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Edouard Manet, Olympia, 1863, oil on canvas; Via Musée d’Orsay

Perhaps the most important use of a cat in his painting career is found in his notorious Olympia, where the animal’s body language is also emotionally compelling, but in a different way. The angry black cat at the foot of the woman’s bed undoubtedly is a symbol of sexuality, but its presence—glaring defensively and arching its back—also helps make the viewer uncomfortably aware of their own role as an intruder into the scene. Cats and still life components are often important elements of Manet’s figurative paintings. This is true in Olympia and also in a painting such as The Luncheon (below).

E0702 MANET 8638Edouard Manet, The Luncheon, 1868, oil on canvas, 1911 Tschudi Contribution, Inv. no. 8638; Via Alte Pinakothek

In The Luncheon, a cat is seen curled over, one leg in the air in the act of bathing itself as a curious and light-hearted moment in the midst of an enigmatic trio of stoic figures and still life elements, including a partially peeled lemon. In yet another painting from the 1860s, Young Woman Reclining in Spanish Costume, a cat plays with an orange on the floor at lower right in the composition. The trend of depicting cats and fruit together in one composition is continued in the late still life in Carnegie Museum of Art’s collection.

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Edouard Manet, Young Woman Reclining in Spanish Costume, 1862–63, oil on canvas, Bequest of Stephen Carlton Clark, B.A. 1903, 1961.18.33; Via Yale University Art Gallery

Manet was part of an artistic and literary community enthralled with cats. Occasionally his use of cat motifs were inside jokes or references meant to speak specifically to his writer and artist friends. In this early example of the inclusion of a cat in a major canvas, a dedication to the photographer Nadar appears near the cat; this detail could be part of an elaborate set of personal references between Manet, Nadar, and Charles Baudelaire. Other works in Manet’s career reference his friendship to the poet Stéphane Mallarmé. Manet also produced a famous lithographic poster called Cats’ Rendevous in relation to a publication on the history and behaviors of cats by the writer Jules Champfleury called Les Chats, illustrated by many prominent artists.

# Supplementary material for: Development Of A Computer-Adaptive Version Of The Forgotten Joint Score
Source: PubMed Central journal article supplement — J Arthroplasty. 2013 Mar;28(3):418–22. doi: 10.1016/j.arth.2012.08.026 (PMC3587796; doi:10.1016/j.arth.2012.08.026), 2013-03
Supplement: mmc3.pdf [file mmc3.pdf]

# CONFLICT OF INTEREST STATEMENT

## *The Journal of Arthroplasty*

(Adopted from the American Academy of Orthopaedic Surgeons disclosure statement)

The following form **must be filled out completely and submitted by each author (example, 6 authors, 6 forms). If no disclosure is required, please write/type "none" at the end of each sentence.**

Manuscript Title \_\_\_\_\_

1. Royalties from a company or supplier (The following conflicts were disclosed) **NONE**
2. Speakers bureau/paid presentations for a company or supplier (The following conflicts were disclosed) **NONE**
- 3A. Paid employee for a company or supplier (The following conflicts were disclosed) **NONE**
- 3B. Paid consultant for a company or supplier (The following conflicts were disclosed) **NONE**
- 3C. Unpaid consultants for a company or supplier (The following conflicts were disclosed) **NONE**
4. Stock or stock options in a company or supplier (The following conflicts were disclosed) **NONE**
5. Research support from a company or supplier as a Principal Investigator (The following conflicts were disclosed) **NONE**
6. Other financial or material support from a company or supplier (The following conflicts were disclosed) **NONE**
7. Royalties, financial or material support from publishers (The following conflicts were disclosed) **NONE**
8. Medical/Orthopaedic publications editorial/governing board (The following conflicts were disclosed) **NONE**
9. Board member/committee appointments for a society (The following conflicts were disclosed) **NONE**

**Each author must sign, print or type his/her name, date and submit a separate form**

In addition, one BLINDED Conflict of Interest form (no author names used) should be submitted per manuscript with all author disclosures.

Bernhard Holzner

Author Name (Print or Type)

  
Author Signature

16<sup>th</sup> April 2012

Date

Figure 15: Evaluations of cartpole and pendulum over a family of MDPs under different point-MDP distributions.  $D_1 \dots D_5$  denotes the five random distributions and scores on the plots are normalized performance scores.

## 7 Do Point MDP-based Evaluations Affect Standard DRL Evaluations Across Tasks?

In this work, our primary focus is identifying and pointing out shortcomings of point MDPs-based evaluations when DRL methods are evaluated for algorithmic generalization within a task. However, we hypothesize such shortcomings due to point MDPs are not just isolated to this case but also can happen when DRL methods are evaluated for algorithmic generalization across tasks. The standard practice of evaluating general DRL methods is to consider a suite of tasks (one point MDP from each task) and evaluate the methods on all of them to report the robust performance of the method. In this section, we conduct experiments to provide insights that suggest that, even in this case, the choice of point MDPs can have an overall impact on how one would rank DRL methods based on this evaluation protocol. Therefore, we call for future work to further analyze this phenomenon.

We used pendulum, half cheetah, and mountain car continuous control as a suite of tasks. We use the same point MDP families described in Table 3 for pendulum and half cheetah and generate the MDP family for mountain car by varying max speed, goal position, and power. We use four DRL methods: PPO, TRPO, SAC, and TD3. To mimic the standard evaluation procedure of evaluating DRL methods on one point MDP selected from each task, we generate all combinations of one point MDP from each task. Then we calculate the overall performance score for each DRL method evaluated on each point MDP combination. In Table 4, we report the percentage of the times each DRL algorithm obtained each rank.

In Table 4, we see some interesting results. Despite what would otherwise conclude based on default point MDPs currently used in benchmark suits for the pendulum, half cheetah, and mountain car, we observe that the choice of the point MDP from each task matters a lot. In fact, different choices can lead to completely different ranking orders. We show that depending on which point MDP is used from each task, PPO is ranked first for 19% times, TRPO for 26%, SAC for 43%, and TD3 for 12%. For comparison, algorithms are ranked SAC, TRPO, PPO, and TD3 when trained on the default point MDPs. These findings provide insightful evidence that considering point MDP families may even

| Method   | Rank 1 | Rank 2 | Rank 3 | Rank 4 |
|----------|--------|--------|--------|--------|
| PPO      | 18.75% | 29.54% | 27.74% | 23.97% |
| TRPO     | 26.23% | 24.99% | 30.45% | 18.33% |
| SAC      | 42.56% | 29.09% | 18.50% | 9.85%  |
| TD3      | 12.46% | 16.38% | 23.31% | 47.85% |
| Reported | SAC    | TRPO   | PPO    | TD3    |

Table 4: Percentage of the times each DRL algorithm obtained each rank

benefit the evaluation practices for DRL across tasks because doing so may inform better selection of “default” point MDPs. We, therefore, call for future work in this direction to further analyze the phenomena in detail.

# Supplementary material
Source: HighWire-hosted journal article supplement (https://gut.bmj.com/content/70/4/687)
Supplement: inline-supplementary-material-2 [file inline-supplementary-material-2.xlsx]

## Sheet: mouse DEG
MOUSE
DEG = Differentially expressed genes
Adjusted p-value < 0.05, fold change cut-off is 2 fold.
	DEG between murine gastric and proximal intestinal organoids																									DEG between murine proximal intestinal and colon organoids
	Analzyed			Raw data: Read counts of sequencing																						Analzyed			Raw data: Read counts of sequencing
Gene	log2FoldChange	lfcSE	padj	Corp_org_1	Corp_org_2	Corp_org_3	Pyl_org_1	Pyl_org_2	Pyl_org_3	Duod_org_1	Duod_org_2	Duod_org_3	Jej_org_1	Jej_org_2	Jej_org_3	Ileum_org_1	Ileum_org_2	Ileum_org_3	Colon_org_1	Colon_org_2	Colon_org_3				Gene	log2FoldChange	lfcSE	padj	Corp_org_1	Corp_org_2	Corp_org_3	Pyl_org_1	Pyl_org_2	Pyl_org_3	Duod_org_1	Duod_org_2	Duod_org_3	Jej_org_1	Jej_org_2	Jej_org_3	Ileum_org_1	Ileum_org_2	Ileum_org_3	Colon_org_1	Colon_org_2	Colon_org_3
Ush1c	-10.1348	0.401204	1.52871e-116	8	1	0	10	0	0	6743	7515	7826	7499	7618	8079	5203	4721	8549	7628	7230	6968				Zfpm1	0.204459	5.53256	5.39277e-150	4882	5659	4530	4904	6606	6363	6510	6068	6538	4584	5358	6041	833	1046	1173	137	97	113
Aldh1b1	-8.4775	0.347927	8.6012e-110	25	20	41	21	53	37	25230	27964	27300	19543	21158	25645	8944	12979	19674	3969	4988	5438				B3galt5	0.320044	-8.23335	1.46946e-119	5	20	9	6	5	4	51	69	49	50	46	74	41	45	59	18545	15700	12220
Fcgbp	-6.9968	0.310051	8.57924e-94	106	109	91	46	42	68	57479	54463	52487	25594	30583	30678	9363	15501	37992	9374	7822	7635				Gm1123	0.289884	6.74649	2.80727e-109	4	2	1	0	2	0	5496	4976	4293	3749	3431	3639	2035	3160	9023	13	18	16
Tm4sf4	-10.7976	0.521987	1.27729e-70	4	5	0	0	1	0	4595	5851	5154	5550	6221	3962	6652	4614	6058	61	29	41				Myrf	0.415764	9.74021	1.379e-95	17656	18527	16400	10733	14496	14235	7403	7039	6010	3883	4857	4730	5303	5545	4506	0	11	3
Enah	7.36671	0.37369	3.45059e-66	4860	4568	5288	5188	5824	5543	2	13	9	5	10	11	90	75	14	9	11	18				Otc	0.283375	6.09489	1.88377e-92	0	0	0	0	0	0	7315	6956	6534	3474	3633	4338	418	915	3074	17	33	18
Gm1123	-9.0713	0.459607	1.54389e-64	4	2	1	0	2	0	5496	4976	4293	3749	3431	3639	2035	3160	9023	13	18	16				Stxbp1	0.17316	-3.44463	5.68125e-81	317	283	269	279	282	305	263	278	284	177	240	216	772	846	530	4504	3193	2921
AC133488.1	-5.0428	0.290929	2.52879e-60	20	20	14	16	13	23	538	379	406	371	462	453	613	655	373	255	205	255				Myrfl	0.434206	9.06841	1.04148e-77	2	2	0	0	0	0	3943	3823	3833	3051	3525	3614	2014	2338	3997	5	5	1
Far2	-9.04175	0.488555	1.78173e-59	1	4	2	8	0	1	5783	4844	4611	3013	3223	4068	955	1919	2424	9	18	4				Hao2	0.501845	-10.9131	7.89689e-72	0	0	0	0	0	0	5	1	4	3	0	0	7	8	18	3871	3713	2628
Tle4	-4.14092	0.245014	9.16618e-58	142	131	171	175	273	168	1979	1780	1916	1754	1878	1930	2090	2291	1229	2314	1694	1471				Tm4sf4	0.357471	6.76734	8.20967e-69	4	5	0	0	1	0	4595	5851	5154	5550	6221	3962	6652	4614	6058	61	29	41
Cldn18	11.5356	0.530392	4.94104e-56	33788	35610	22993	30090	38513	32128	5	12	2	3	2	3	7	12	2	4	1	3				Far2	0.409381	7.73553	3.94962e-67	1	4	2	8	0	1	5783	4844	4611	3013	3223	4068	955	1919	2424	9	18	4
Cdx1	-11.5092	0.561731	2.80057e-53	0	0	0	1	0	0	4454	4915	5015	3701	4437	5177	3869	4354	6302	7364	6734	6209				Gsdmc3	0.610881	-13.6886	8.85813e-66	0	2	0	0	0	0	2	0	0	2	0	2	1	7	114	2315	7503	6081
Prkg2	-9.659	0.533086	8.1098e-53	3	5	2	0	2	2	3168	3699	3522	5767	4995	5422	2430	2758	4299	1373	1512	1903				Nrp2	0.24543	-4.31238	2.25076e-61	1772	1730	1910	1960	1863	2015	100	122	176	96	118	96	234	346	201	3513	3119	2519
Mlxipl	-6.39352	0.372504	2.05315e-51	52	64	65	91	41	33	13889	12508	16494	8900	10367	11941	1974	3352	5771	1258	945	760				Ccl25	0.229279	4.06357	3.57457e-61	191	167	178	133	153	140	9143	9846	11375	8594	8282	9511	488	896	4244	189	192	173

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Edouard Manet, The Cats’ Rendezvous, lithograph, 1868; S.P. Avery Collection; Courtesy of NYPL

Portrayed variously as symbolic, suggestive, humorous, and domestic, the deceptively minor motif of the cat had a surprisingly large place in Manet’s repertoire of imagery and became very much associated with Manet’s artistic persona.

So, when visiting Gallery 6 in the Scaife wing of Carnegie Museum of Art and you see the small black and white head peeking into the frame of Manet’s still-life, it’s interesting to remember that Zizi is part of a rich and long tradition in the artist’s career.

Dogs also played a prominent role in Manet’s art… but that’s a post for another time…

The Model That Smokes


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Hiroshi Sambuichi, Inujima Art Project Seirensho, 2008, wood and acrylic model, incense; 1:50; Courtesy of Hiroshi Sambuichi

A particularly fascinating model on view in White Cube, Green Maze: New Art Landscapes is by Sambuichi Architects of a transformed copper refinery, or seirensho, on the Japanese island of Inujima. The Inujima Art Project Seirensho is a museum dedicated to preserving and reusing the remains of the refinery, as part of the broader Benesse Art Site.

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Iwan Baan, Aerial view of Seirensho and the island of Inujima, 2008, digital chromogenic print; Courtesy of Iwan Baan

The refinery features a large chimney that originally served as an industrial smokestack but it has since been repurposed into a chimney that connects to the building’s underground passageways, creating a natural ventilation system. Sambuichi Architects has included two small chambers on the front of the model that are designed to hold lit incense coils, sending smoke throughout the model’s passageways, over a scale figure, and eventually escaping out of the clear acrylic chimney stack.

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Lighting the incense coils, which burn for up to 8 hours. We’re using this kind.
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Placing the incense chambers into the front of the model.
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Incense smoke blows past the scale figure towards the chimney, illustrating the airflow in the repurposed refinery.

White Cube, Green Maze is open through January 13, 2013. Come see this model and over 20 others from six international art sites.

The exhibition presents works by:

Raimund Abraham (New York City); Tadao Ando (Osaka); Arquitetos Associados (Belo Horizonte); Tatiana Bilbao (Mexico City); Rodrigo Cerviño Lopez (São Paulo); Rudolf Finsterwalder (Stephanskirchen); Erwin Heerich (Düsseldorf); HHF architects (Basel); Oliver Kruse (Hombroich); Johnston Marklee (Los Angeles); Ryue Nishizawa (Tokyo); Rizoma Arquitetura (Belo Horizonte); Hiroshi Sambuichi (Hiroshima); Álvaro Siza Vieira (Porto); TOA (Taller de Operaciones Ambientales, Mexico City); Topotek 1 (Berlin); Weiss/Manfredi (New York City)